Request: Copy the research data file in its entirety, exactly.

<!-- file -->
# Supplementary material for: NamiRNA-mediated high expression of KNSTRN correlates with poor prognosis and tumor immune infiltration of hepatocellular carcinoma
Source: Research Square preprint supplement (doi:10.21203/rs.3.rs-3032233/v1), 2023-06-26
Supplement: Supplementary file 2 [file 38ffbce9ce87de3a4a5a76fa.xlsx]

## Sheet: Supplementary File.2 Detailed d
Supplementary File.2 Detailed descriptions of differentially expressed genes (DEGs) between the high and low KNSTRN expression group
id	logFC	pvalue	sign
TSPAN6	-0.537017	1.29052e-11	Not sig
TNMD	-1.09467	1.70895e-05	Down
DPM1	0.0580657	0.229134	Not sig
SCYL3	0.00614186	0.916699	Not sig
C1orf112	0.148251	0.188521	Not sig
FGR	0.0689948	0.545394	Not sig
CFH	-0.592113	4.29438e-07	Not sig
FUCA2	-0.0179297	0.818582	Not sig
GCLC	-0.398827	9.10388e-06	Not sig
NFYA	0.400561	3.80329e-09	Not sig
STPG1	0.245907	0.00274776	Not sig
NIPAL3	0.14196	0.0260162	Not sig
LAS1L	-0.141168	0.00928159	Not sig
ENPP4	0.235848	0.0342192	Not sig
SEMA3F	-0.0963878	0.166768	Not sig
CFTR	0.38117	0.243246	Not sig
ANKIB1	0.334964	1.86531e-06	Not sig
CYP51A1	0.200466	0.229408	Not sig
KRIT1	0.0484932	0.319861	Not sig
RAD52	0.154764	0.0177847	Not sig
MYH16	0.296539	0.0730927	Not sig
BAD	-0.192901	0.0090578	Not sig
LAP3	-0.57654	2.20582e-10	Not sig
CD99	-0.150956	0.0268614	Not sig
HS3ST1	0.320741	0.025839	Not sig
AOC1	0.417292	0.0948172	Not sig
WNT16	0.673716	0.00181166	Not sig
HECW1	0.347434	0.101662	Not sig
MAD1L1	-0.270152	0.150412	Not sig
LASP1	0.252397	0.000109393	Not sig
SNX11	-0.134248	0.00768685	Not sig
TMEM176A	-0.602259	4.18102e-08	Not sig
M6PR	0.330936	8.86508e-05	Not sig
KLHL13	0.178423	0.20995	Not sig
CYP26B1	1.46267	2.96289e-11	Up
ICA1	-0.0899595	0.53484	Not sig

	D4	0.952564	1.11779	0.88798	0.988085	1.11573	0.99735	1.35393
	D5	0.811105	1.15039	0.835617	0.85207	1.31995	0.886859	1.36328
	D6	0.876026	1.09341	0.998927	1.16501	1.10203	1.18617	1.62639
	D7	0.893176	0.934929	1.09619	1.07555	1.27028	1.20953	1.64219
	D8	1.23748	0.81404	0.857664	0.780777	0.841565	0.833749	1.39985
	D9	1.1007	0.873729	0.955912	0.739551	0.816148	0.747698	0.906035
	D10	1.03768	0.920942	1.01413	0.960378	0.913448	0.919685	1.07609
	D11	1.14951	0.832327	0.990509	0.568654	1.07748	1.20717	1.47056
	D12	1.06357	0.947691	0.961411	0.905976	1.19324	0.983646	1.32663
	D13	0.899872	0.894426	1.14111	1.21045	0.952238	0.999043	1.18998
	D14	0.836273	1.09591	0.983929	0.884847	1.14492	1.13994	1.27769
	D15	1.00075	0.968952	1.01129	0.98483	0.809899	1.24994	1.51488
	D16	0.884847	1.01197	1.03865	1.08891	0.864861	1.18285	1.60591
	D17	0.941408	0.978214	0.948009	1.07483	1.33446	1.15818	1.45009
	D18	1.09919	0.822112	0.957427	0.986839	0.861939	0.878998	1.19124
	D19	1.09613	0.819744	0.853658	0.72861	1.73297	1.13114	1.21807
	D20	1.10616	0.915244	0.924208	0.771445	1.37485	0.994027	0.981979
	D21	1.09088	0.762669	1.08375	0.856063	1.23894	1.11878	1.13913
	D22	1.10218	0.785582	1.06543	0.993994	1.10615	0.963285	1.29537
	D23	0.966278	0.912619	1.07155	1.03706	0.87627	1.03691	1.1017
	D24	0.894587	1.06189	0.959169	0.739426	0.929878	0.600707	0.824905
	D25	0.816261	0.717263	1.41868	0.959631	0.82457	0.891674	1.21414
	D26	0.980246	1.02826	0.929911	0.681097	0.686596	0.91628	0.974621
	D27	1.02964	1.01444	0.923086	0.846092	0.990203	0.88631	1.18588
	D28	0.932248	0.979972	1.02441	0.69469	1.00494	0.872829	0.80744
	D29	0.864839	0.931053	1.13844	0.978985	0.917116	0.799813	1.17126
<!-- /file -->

# Supplementary material for: NamiRNA-mediated high expression of KNSTRN correlates with poor prognosis and tumor immune infiltration of hepatocellular carcinoma
Source: Research Square preprint supplement (doi:10.21203/rs.3.rs-3032233/v1), 2023-06-26
Supplement: Supplementary file 2 [file 38ffbce9ce87de3a4a5a76fa.xlsx]

## Sheet: Supplementary File.2 Detailed d
Supplementary File.2 Detailed descriptions of differentially expressed genes (DEGs) between the high and low KNSTRN expression group
id	logFC	pvalue	sign
TSPAN6	-0.537017	1.29052e-11	Not sig
TNMD	-1.09467	1.70895e-05	Down
DPM1	0.0580657	0.229134	Not sig
SCYL3	0.00614186	0.916699	Not sig
C1orf112	0.148251	0.188521	Not sig
FGR	0.0689948	0.545394	Not sig
CFH	-0.592113	4.29438e-07	Not sig
FUCA2	-0.0179297	0.818582	Not sig
GCLC	-0.398827	9.10388e-06	Not sig
NFYA	0.400561	3.80329e-09	Not sig
STPG1	0.245907	0.00274776	Not sig
NIPAL3	0.14196	0.0260162	Not sig
LAS1L	-0.141168	0.00928159	Not sig
ENPP4	0.235848	0.0342192	Not sig
SEMA3F	-0.0963878	0.166768	Not sig
CFTR	0.38117	0.243246	Not sig
ANKIB1	0.334964	1.86531e-06	Not sig
CYP51A1	0.200466	0.229408	Not sig
KRIT1	0.0484932	0.319861	Not sig
RAD52	0.154764	0.0177847	Not sig
MYH16	0.296539	0.0730927	Not sig
BAD	-0.192901	0.0090578	Not sig
LAP3	-0.57654	2.20582e-10	Not sig
CD99	-0.150956	0.0268614	Not sig
HS3ST1	0.320741	0.025839	Not sig
AOC1	0.417292	0.0948172	Not sig
WNT16	0.673716	0.00181166	Not sig
HECW1	0.347434	0.101662	Not sig
MAD1L1	-0.270152	0.150412	Not sig
LASP1	0.252397	0.000109393	Not sig
SNX11	-0.134248	0.00768685	Not sig
TMEM176A	-0.602259	4.18102e-08	Not sig
M6PR	0.330936	8.86508e-05	Not sig
KLHL13	0.178423	0.20995	Not sig
CYP26B1	1.46267	2.96289e-11	Up
ICA1	-0.0899595	0.53484	Not sig

	D4	0.952564	1.11779	0.88798	0.988085	1.11573	0.99735	1.35393
	D5	0.811105	1.15039	0.835617	0.85207	1.31995	0.886859	1.36328
	D6	0.876026	1.09341	0.998927	1.16501	1.10203	1.18617	1.62639
	D7	0.893176	0.934929	1.09619	1.07555	1.27028	1.20953	1.64219
	D8	1.23748	0.81404	0.857664	0.780777	0.841565	0.833749	1.39985
	D9	1.1007	0.873729	0.955912	0.739551	0.816148	0.747698	0.906035
	D10	1.03768	0.920942	1.01413	0.960378	0.913448	0.919685	1.07609
	D11	1.14951	0.832327	0.990509	0.568654	1.07748	1.20717	1.47056
	D12	1.06357	0.947691	0.961411	0.905976	1.19324	0.983646	1.32663
	D13	0.899872	0.894426	1.14111	1.21045	0.952238	0.999043	1.18998
	D14	0.836273	1.09591	0.983929	0.884847	1.14492	1.13994	1.27769
	D15	1.00075	0.968952	1.01129	0.98483	0.809899	1.24994	1.51488
	D16	0.884847	1.01197	1.03865	1.08891	0.864861	1.18285	1.60591
	D17	0.941408	0.978214	0.948009	1.07483	1.33446	1.15818	1.45009
	D18	1.09919	0.822112	0.957427	0.986839	0.861939	0.878998	1.19124
	D19	1.09613	0.819744	0.853658	0.72861	1.73297	1.13114	1.21807
	D20	1.10616	0.915244	0.924208	0.771445	1.37485	0.994027	0.981979
	D21	1.09088	0.762669	1.08375	0.856063	1.23894	1.11878	1.13913
	D22	1.10218	0.785582	1.06543	0.993994	1.10615	0.963285	1.29537
	D23	0.966278	0.912619	1.07155	1.03706	0.87627	1.03691	1.1017
	D24	0.894587	1.06189	0.959169	0.739426	0.929878	0.600707	0.824905
	D25	0.816261	0.717263	1.41868	0.959631	0.82457	0.891674	1.21414
	D26	0.980246	1.02826	0.929911	0.681097	0.686596	0.91628	0.974621
	D27	1.02964	1.01444	0.923086	0.846092	0.990203	0.88631	1.18588
	D28	0.932248	0.979972	1.02441	0.69469	1.00494	0.872829	0.80744
	D29	0.864839	0.931053	1.13844	0.978985	0.917116	0.799813	1.17126